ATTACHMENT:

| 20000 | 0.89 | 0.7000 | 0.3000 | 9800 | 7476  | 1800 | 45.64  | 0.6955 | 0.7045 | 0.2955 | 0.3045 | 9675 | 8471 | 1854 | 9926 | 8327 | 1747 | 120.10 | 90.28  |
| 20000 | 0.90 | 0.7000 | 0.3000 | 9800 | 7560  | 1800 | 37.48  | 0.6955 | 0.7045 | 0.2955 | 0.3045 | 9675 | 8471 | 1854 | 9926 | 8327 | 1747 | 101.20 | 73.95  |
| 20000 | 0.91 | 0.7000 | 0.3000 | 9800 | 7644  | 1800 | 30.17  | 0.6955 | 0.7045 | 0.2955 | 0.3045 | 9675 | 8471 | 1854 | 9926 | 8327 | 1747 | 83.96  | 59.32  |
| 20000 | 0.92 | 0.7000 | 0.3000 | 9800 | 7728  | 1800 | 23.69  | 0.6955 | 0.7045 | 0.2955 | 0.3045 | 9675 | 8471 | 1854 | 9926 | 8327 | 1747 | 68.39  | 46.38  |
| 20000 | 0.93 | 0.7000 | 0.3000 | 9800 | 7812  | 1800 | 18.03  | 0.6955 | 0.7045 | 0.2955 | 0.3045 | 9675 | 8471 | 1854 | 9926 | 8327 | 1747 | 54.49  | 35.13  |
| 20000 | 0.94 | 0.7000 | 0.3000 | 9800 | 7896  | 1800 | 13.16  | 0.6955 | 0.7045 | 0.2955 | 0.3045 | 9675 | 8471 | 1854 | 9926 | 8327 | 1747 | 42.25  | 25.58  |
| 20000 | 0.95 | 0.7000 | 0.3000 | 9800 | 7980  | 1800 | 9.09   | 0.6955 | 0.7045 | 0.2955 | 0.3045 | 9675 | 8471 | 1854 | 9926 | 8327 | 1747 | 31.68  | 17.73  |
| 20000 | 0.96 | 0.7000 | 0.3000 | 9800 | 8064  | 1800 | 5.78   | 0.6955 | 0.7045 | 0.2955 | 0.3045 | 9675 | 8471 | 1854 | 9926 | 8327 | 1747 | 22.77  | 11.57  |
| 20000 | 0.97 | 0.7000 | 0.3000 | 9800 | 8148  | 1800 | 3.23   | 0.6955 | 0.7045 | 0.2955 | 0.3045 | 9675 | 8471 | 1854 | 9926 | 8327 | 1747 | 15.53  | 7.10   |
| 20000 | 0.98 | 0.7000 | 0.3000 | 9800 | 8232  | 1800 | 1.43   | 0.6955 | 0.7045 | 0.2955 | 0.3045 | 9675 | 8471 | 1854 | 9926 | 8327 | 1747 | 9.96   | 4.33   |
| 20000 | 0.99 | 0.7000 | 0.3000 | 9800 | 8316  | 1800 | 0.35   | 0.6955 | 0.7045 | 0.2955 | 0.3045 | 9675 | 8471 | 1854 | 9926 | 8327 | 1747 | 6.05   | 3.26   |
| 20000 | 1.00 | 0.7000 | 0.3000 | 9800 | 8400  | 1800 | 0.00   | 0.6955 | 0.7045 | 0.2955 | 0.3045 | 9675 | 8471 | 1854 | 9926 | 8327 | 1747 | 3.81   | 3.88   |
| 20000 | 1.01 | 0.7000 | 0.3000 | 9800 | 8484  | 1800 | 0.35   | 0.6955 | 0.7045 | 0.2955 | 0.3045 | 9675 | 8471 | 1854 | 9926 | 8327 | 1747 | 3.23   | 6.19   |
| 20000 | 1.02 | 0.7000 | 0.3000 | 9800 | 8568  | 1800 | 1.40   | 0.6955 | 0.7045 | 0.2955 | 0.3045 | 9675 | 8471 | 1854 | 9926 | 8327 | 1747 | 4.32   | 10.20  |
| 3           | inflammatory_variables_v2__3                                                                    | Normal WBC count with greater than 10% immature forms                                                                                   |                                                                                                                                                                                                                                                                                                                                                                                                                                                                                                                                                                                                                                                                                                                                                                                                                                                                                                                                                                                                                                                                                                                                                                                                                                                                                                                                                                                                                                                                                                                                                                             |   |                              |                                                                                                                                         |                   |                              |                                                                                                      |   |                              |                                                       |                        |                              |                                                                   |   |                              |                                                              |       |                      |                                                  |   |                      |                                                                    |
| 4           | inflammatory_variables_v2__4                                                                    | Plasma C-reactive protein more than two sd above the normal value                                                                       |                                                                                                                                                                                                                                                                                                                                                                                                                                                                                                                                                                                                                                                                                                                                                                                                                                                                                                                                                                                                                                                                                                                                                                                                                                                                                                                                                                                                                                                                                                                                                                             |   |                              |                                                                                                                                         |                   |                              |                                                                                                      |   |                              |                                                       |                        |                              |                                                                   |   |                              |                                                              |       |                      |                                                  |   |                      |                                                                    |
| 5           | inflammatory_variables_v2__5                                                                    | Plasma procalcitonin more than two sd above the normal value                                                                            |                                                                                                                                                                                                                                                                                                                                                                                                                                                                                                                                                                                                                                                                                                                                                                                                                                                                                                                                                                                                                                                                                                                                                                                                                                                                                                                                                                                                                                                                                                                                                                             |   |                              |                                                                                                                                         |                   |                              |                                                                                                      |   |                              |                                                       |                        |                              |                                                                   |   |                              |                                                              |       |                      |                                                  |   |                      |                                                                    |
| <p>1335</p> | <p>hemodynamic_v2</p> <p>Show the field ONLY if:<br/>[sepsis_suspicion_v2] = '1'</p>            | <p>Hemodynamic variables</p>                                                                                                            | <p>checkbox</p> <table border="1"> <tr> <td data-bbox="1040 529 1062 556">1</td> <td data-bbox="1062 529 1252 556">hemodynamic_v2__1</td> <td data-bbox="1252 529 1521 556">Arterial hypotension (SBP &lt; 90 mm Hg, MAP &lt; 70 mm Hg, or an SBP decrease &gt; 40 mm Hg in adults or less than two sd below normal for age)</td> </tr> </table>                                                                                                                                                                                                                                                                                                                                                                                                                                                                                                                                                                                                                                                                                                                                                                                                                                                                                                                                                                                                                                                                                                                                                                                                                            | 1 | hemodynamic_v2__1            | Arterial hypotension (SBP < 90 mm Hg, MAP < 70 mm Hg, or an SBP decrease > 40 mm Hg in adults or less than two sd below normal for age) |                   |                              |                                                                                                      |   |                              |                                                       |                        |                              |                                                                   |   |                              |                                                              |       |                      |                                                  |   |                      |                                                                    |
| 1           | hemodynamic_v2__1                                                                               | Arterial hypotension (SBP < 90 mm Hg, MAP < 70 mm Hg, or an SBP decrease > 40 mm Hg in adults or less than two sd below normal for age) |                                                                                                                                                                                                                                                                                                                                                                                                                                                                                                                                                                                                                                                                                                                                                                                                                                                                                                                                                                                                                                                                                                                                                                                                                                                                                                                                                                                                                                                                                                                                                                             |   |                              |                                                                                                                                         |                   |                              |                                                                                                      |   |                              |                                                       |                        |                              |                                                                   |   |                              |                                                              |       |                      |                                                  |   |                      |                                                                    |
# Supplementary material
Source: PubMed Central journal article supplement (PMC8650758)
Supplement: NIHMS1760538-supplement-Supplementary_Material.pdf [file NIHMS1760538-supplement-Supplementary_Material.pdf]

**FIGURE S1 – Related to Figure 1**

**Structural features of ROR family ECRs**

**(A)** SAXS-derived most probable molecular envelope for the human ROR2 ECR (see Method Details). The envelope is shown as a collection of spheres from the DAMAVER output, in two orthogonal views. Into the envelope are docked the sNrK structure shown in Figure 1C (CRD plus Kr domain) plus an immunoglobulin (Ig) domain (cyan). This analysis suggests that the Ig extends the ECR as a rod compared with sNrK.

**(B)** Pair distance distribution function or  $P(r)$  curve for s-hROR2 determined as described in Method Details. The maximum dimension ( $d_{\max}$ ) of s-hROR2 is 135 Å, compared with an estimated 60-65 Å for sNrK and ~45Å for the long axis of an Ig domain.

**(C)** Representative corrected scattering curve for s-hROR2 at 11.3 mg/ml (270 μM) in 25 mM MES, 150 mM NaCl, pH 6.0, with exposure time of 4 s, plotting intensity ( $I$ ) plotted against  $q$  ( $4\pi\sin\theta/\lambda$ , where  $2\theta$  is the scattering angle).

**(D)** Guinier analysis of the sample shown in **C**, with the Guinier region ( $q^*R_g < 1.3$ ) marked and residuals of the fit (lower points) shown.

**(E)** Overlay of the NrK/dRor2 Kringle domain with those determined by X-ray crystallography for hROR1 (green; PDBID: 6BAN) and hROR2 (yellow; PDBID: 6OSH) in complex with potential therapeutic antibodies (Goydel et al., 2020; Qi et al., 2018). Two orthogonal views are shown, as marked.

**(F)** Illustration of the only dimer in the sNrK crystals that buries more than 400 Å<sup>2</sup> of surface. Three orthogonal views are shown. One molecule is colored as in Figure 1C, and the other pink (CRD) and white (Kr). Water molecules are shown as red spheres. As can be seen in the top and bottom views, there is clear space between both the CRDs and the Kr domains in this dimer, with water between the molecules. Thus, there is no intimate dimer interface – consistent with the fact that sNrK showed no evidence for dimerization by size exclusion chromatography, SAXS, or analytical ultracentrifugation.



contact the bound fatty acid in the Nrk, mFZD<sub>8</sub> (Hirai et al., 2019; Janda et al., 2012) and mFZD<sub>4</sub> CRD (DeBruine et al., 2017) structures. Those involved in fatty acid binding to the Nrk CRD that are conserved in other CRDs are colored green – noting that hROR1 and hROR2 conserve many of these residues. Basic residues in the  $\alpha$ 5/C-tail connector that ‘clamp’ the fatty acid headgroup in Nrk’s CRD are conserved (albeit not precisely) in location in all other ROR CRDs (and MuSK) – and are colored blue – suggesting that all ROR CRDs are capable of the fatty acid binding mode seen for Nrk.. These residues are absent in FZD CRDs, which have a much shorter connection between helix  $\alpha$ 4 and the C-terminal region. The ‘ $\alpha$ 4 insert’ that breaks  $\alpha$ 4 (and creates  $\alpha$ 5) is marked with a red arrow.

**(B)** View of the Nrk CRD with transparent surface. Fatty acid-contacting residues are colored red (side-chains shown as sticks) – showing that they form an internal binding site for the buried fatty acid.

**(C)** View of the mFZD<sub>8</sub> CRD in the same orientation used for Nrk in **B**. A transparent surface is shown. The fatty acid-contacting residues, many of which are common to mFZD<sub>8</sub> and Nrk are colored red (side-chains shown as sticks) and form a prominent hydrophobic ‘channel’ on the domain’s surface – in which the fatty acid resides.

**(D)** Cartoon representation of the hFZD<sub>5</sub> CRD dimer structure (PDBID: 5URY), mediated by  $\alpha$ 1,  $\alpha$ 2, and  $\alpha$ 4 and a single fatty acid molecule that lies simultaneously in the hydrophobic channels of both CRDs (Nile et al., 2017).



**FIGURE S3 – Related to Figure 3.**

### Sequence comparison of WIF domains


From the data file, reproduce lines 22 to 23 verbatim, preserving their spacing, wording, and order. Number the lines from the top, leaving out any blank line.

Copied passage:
Supplement: NIHMS1760538-supplement-Supplementary_Material.pdf [file NIHMS1760538-supplement-Supplementary_Material.pdf]

**FIGURE S1 – Related to Figure 1**